Microsoft: with Steven Sinofsky gone, where does that leave Windows 8?
Microsoft announcedÂ yesterday that Steven Sinofsky, the head of the company's Windows and Windows Live division, left the company effective immediately. You may remember Steven Sinofsky from his rather lengthy posts over on the Building Windows blog during development of the operating system.
While he did not wrote all the posts by himself, he was the front for that blog as all were signed by him personally, and the person responsible for Microsoft's Windows 8 operating system.
Microsoft's press release states that the decision for Sinofsky's departure was mutual, but even if that is the case, one has to wonder about the reason behind the move. What we do know is that Julie Larson-Green will be promoted to lead all Windows software and hardware engineering effective immediately.
Microsoft Corp. today announced that Windows and Windows Live President Steven Sinofsky will be leaving the company and that Julie Larson-Green will be promoted to lead all Windows software and hardware engineering. Tami Reller retains her roles as chief financial officer and chief marketing officer and will assume responsibility for the business of Windows. Both executives will report directly to Microsoft CEO Steve Ballmer.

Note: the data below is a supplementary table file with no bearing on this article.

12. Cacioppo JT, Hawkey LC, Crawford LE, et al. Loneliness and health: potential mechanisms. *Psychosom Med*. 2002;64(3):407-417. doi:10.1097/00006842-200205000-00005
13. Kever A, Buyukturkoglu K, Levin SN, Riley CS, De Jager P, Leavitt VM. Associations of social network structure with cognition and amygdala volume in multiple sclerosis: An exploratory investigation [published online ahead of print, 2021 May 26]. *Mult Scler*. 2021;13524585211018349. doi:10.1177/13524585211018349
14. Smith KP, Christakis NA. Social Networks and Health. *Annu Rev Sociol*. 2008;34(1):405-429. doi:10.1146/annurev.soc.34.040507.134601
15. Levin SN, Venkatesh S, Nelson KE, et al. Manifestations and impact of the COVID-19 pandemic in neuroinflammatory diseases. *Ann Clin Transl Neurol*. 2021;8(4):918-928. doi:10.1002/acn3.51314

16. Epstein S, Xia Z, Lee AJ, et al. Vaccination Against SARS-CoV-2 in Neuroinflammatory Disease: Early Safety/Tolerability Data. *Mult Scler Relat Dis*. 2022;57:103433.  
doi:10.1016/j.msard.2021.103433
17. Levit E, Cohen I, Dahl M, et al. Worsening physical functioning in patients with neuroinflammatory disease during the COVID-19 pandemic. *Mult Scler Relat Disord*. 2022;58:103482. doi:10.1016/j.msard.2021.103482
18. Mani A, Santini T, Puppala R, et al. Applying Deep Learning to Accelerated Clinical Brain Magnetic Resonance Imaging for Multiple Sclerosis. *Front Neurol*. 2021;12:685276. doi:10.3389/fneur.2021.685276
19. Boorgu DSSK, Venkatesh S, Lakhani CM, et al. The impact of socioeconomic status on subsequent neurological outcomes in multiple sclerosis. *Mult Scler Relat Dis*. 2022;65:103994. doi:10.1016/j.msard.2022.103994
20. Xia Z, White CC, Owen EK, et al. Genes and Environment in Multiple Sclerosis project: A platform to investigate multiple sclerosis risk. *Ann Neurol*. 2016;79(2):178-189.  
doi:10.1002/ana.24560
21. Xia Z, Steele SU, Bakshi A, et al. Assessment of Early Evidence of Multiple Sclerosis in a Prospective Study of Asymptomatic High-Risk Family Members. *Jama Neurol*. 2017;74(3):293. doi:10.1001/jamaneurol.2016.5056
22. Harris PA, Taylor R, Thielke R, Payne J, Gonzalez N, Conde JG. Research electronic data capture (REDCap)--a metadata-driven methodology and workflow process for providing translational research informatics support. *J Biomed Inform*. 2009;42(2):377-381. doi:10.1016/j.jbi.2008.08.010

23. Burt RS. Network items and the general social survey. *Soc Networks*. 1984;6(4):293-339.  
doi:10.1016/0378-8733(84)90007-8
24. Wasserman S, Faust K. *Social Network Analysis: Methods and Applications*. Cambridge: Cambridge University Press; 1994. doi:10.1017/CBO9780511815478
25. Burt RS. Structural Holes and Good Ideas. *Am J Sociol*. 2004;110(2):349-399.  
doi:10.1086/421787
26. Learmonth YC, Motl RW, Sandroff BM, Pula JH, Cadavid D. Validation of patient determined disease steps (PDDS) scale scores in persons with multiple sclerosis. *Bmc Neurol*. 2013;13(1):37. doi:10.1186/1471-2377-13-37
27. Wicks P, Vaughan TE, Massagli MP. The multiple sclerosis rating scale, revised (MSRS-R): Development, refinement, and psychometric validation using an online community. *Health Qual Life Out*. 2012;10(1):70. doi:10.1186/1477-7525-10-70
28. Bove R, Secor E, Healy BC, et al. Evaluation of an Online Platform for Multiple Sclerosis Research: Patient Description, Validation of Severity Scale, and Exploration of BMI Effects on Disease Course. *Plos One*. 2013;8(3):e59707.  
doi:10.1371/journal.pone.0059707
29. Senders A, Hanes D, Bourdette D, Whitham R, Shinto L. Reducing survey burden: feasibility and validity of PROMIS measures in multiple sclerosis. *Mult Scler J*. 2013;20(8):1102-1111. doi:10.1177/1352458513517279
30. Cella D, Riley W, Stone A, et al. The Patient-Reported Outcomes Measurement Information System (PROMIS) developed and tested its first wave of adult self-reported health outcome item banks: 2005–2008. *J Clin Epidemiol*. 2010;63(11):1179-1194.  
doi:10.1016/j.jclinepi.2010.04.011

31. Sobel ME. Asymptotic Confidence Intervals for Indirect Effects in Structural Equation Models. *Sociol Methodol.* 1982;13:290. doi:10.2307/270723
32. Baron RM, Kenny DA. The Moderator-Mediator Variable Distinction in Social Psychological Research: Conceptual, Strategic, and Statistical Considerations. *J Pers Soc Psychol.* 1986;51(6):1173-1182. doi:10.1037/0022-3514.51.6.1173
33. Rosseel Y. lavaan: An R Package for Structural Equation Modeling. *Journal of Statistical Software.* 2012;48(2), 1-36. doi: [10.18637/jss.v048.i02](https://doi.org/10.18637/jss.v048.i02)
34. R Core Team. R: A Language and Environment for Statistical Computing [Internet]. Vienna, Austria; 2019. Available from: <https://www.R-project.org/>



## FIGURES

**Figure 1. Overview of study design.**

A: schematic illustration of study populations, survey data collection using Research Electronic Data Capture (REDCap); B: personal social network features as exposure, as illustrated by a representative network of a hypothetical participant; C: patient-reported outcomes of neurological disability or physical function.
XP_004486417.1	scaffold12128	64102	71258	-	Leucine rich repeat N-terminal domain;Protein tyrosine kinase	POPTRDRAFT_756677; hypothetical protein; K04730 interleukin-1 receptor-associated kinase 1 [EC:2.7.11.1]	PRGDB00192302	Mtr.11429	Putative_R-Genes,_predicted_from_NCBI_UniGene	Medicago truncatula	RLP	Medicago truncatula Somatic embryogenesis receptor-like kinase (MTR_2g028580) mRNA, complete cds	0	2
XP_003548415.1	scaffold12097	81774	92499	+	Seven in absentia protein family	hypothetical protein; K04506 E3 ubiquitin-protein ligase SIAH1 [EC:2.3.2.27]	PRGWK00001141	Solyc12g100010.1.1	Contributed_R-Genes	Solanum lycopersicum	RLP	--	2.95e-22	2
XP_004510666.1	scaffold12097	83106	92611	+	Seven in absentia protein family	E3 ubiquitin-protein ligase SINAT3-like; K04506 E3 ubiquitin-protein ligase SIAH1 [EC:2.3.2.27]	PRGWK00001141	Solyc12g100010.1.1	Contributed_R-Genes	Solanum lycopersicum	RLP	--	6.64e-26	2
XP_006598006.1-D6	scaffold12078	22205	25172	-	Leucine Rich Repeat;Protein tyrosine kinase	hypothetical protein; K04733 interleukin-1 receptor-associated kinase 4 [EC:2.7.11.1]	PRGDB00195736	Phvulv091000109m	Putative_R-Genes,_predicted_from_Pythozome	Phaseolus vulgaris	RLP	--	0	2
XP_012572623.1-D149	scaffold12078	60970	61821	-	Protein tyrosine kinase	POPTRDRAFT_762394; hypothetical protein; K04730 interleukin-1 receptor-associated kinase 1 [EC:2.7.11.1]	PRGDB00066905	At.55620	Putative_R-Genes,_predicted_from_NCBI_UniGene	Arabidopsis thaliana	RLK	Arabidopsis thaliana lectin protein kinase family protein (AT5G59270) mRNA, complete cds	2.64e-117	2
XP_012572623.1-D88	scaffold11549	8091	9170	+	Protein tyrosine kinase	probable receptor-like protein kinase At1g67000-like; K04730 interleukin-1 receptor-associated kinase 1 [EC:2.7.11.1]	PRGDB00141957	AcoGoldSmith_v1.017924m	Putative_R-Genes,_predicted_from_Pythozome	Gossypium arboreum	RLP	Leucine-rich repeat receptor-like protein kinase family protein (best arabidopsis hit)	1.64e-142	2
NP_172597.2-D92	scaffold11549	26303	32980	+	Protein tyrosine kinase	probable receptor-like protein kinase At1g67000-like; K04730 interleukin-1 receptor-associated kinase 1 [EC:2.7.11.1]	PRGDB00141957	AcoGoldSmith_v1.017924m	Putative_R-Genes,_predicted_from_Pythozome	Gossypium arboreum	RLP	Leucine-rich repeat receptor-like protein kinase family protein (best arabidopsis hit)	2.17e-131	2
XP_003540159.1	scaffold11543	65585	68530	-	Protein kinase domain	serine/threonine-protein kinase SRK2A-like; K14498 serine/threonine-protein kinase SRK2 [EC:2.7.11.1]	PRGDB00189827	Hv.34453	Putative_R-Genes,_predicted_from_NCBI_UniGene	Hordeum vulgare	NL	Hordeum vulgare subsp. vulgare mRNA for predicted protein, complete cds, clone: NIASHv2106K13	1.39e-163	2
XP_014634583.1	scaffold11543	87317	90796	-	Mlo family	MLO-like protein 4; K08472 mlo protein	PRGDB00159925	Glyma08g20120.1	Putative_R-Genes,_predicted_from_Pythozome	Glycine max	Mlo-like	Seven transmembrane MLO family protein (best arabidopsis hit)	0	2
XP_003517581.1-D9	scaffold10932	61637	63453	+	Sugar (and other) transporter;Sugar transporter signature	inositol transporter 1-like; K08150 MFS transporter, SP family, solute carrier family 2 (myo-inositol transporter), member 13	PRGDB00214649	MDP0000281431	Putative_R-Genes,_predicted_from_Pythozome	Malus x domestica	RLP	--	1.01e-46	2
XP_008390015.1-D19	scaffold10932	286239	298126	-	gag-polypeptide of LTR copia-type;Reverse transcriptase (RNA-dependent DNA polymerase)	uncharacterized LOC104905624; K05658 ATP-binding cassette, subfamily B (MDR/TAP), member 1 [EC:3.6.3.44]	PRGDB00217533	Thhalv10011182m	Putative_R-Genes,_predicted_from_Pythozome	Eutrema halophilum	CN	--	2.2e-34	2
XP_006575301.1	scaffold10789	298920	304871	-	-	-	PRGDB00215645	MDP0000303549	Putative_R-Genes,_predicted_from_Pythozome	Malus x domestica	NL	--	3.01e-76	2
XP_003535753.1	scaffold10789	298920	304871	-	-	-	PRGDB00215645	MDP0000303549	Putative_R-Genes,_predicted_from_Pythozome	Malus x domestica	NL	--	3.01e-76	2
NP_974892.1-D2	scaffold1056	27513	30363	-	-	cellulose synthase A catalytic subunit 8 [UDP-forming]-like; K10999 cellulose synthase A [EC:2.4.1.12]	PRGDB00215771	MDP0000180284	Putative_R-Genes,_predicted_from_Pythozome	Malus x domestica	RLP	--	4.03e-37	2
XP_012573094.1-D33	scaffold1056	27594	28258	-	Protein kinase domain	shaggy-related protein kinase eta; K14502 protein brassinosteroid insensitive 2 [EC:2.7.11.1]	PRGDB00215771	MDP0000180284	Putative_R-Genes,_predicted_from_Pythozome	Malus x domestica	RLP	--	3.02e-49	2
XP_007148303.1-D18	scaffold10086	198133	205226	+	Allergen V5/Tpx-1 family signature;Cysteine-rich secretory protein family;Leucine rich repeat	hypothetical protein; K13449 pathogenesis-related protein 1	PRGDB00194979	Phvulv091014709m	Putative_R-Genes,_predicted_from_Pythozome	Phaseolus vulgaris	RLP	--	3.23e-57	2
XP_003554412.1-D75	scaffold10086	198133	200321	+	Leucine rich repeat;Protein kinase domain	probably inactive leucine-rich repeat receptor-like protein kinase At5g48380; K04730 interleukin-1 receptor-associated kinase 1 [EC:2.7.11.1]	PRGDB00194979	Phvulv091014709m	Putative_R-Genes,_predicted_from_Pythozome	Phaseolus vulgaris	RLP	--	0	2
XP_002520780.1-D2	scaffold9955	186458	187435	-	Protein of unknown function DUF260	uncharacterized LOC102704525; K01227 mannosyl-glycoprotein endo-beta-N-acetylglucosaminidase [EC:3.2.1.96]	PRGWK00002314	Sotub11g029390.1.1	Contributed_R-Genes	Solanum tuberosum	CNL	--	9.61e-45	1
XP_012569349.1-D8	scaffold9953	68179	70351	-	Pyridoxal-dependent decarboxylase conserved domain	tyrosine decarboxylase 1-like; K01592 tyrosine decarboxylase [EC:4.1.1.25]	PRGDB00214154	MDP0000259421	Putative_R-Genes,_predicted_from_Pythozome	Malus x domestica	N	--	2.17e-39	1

These changes are effective immediately.
One has to wonder if the departure has anything to do with Windows 8, the new Microsoft operating system that got released less than three weeks ago by the company. While there is no confirmation that the departure has anything to do with Windows 8, one has to ask whether the operating system's performance in sales had anything to do with the decision. Microsoft has not released sales figures for the operating system yet, nor for the Surface RT tablet that the company released alongside the operating system on October 26.
It is likely that sales are not the reason for Sinofsky's departure, as it is not a satisfying enough reason to justify the cloak-and-dagger departure. A power struggle on the other hand, as cliche as it may sound, is more likely. There may be other reasons, like health or taking care of family matters, but those surely would not have ended in such an abrupt departure after all.
But how will the public take it? Will it see Sinofsky's departure as a sign that Windows 8 is not being adopted as well as Microsoft had hoped for? That the new leader will turn the steering wheel around and make Windows 9 a classic desktop operating system again? I honestly can't really see Microsoft make that decision only weeks after the release of Windows 8.
The next couple of months will be interesting, that is for sure.Â What's your take on the development?Advertisement